Brain of Fire: A Transparent Account of Living With An Active, Electric Mind.
For most of my life, my mind has taken on a life of its own. I’ve spent many sleepless nights due to the spinning hamster wheel in my head. Thoughts of not being good enough, fear of failure, and not being worthy swirled round and round on repeat. After a while, this became debilitating, mainly because I started to believe these thoughts—thoughts that I later learned were cognitive distortions.
When I began to believe all those negative thoughts, they became a part of my core belief system, coloring my perspective of myself and the world. I no longer feared not being good enough, failing, or not being worthy—now, I wasn’t good enough, I was a failure, and I wasn’t worthy.
See the subtle difference between thinking and believing? This is how my active, electric mind worked against me for so long.
Aside from the mind, I also suffer from a physically active, electric brain.
Seven years ago, I had two seizures. It was really scary at the time, but I took meds, and basically forgot about them since I was asymptomatic for so long. That was until 11 months ago when I collapsed in the street. When I came to, there was an EMT standing over me, and a crowd circled around. Apparently, some stranger took care of me and walked away before I could see who he was to thank him.
In the ambulance, I couldn’t even remember my birthday, the month, or the president. The last bit was particularly disconcerting, as I AM IN LOVE WITH OBAMA (my husband is totally cool with it). Eventually, my memory came back. I remembered the infectious smile of POTUS and what it would feel like to stare into his soul (hehe).
I was treated and released from the hospital with a minor concussion and a suspended driver’s license, shaken to the core. I went to a neurologist the next day, was put on more meds, and was told that I had nothing to worry about. So, I returned to life as usual.
I wish that was the end of the story.
Six weeks ago, I collapsed while playing tennis with my husband.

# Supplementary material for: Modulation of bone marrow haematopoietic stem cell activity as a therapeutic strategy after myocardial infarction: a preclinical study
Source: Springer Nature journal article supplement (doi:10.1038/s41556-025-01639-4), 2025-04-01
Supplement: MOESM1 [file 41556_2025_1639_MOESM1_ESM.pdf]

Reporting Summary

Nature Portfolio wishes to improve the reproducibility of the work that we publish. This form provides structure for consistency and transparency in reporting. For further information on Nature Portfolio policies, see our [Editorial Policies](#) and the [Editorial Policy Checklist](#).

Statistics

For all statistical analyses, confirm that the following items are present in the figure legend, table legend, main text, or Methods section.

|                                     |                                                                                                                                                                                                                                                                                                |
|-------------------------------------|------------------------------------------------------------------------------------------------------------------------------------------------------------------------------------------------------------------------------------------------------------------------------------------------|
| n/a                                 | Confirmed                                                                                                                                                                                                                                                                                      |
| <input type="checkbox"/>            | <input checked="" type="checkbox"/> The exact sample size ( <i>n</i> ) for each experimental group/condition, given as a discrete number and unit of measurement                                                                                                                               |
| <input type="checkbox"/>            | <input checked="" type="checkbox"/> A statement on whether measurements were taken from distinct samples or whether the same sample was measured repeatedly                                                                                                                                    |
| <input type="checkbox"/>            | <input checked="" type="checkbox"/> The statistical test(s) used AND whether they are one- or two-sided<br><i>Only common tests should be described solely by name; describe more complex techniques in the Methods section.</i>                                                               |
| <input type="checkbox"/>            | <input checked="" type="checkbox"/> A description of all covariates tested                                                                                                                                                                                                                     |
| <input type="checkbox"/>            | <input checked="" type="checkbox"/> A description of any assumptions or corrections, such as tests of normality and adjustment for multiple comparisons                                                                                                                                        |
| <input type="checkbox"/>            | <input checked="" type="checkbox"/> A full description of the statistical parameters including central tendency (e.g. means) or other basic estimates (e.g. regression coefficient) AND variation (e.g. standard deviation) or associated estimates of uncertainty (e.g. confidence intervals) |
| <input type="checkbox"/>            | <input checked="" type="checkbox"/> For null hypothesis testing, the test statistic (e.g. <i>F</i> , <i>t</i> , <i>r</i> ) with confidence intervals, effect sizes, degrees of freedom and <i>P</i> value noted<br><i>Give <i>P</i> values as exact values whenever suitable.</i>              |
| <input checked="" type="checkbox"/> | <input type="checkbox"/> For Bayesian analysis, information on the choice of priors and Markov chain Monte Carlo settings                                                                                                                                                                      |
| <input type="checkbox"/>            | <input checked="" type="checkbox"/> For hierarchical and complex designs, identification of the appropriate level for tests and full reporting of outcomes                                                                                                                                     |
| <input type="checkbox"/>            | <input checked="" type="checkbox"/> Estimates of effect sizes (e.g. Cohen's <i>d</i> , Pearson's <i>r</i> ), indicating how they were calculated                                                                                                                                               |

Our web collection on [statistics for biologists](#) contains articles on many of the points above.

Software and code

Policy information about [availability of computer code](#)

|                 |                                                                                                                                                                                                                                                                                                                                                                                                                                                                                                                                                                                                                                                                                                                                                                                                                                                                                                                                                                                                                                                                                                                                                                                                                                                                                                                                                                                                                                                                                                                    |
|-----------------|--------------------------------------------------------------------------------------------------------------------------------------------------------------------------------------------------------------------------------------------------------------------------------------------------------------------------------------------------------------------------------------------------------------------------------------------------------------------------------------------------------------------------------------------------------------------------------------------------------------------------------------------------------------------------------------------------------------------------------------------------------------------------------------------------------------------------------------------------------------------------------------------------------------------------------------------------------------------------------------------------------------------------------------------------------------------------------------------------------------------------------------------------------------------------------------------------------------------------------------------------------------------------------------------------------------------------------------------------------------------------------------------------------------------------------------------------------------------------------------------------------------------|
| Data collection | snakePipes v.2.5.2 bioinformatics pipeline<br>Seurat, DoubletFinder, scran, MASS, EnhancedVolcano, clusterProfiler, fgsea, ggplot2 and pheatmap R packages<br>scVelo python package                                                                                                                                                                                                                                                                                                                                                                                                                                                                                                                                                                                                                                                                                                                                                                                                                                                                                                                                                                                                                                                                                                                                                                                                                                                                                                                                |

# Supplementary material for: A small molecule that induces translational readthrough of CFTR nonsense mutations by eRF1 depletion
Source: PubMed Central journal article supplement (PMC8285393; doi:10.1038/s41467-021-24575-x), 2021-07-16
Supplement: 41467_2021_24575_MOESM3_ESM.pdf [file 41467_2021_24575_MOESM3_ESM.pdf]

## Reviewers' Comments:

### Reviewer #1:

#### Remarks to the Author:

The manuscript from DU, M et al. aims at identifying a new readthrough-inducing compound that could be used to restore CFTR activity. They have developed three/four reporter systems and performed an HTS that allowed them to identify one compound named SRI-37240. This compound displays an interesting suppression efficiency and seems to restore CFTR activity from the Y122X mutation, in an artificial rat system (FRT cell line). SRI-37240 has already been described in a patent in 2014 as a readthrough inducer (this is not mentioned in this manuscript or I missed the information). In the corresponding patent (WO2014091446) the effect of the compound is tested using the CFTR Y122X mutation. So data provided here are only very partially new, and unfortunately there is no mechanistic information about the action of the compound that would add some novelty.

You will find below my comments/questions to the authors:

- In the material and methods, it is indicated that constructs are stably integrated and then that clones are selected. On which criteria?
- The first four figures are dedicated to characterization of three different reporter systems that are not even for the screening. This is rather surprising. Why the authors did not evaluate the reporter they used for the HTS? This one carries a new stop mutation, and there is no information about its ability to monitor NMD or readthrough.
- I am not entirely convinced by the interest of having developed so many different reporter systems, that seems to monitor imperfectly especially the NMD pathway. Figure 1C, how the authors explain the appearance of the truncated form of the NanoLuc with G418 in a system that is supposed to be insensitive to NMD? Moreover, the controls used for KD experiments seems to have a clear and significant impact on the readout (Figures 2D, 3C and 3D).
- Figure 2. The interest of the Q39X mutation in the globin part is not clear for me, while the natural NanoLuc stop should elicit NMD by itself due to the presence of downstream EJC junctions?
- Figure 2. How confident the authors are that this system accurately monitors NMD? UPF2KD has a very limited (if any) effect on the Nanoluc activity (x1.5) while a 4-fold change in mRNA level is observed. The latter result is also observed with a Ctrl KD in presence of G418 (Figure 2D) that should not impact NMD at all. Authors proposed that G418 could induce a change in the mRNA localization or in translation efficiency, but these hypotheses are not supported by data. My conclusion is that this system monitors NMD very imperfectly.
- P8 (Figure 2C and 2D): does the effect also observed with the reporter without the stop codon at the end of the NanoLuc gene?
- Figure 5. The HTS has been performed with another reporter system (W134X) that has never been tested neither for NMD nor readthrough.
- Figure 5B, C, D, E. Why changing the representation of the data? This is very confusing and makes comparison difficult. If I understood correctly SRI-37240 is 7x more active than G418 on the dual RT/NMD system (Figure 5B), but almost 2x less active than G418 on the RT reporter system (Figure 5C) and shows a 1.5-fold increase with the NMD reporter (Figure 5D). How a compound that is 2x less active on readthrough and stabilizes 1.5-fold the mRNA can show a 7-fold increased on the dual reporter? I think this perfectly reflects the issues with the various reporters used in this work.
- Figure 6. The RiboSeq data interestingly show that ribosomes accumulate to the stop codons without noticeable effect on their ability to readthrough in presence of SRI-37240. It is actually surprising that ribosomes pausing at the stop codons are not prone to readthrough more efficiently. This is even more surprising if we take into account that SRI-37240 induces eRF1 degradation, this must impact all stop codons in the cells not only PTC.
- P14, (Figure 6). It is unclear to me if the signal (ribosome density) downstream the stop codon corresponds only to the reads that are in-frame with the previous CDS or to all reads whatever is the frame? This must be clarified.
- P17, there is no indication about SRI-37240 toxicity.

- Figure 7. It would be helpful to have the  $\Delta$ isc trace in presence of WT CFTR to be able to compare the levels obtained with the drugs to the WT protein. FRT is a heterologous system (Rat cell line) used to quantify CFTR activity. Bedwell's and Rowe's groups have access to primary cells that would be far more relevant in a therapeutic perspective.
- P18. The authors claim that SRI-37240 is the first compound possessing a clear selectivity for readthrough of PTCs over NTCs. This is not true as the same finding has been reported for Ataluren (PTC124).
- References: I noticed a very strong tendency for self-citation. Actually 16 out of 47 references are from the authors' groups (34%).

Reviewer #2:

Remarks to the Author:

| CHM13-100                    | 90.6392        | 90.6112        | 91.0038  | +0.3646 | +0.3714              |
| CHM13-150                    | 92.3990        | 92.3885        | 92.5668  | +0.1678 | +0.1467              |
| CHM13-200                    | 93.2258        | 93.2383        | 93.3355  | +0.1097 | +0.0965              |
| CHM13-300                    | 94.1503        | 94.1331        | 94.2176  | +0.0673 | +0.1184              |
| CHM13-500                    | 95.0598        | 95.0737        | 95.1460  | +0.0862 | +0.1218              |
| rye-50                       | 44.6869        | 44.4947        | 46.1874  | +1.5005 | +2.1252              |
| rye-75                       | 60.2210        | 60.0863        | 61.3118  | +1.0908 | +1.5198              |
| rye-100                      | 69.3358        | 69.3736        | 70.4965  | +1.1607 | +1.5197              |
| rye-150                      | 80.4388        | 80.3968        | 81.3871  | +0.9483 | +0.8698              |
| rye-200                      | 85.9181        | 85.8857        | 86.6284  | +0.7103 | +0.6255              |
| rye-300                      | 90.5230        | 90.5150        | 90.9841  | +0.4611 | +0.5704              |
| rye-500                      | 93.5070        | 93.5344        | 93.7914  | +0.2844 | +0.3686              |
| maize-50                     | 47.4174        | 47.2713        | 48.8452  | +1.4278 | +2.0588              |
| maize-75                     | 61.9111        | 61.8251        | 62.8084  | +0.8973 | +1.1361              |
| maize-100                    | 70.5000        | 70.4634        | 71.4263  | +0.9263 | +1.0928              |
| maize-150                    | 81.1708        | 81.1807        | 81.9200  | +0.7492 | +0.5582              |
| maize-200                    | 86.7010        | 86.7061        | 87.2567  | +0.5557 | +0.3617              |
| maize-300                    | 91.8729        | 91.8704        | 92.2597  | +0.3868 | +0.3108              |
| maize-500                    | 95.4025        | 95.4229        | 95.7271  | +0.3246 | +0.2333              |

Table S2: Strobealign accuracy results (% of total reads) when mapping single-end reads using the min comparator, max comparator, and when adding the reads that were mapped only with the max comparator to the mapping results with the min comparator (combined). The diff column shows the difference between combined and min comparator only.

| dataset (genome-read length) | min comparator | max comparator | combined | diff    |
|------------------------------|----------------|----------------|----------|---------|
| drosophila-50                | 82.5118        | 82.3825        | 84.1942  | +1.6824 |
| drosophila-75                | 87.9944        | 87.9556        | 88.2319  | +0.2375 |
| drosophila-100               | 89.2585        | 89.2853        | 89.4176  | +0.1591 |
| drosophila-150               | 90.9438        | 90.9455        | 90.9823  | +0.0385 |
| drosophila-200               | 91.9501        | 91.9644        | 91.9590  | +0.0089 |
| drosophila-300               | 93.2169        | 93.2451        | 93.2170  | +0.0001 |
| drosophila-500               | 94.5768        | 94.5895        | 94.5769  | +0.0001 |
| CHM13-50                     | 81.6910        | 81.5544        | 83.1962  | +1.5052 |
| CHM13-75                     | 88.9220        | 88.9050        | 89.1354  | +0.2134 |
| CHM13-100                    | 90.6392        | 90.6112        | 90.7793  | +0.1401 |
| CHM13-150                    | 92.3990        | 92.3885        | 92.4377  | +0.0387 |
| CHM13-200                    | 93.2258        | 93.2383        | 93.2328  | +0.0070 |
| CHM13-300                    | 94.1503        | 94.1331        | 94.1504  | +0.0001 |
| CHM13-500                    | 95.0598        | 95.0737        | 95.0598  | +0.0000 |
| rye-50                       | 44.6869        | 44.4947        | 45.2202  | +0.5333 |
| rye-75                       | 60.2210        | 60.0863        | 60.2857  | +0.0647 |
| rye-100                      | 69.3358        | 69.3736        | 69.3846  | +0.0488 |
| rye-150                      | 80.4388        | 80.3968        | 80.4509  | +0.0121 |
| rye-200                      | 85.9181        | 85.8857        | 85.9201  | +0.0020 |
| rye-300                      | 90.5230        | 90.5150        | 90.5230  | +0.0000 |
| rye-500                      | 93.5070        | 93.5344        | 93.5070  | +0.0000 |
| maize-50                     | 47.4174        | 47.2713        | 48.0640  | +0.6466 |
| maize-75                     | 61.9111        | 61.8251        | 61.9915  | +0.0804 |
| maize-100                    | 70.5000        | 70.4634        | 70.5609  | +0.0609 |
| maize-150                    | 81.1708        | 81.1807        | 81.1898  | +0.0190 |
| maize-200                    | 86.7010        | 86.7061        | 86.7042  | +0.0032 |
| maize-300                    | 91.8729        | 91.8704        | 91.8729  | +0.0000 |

This one was particularly terrifying because it meant that the new meds weren’t working. I was rushed to the ER again to be treated for a concussion, as well as the large gash in my face. I had to get some stitches, but that was not what mattered; my family and I were scared, and we felt out of control.
Why me? Haven’t I been through enough? These thoughts swirled around in my head like the hamster wheel. I couldn’t sleep. I couldn’t shake the images of what the seizures must have looked like, and what it must have felt like to witness. I pictured the EMTs and my husband standing over me with terror and tears in his eyes. I felt traumatized, and I still feel it to some extent when I close my eyes.
A month and a half in, I’m trying to see the bright side of this. I am looking at it as another speed bump, and not as a road block. There was a time when I would’ve crawled into a hole, feeling sorry for myself. I’m not doing that now, even though I still feel uneasy at times.
Also, I had to make some lifestyle changes.
I have to avoid certain conditions like, too much heat, sunlight, and dehydration. I can’t overexert myself. I now must avoid strobe lights, which has taken some getting used to since we are a “strobe household.” In all seriousness though, no matter how much care I take, and even with the skills and tools that I know, teach, and practice, I still have times when I feel defeated and scared. And that has to be ok.
The difference now, is that I go back to the tools to reject and reframe these thoughts before I believe them. I replace the negative, distorted cognitions with more accurate, useful ones. Instead of thinking and fearing that I’m sick or weak, or may have trouble carrying a child, I focus on the belief that I will get over this and be stronger for it because I don’t have a choice, and because that’s what I do. All the previous data suggests it. Adversity has fueled and shaped my career, passion, and personality. It’s what has driven me to a place that is distinctly mine, something that no one can take away or replicate. And to me, that’s a beautiful thing, and I wouldn’t trade it for the world.
I can already feel these tools working. They aren’t perfect and I’m not perfect, but the progress feels energizing, and it keeps me moving through my negative thoughts about my fiery, electric brain.
The purpose of this post is to be transparent and open about my struggles. It has always been my firm belief that in order to empower, guide, and connect with others, I must lead with my story. Sometimes I feel raw and exposed, but I think that’s where the most growth happens. It isn’t easy to shift the perspective, but each time gets easier and easier than the time before.
So yeah, I do have anxiety AND migraines AND epilepsy AND I am ok. I also get fucking scared at times. I will probably face many more hurdles, but I feel equipped to handle them. Each hurdle improves my vertical.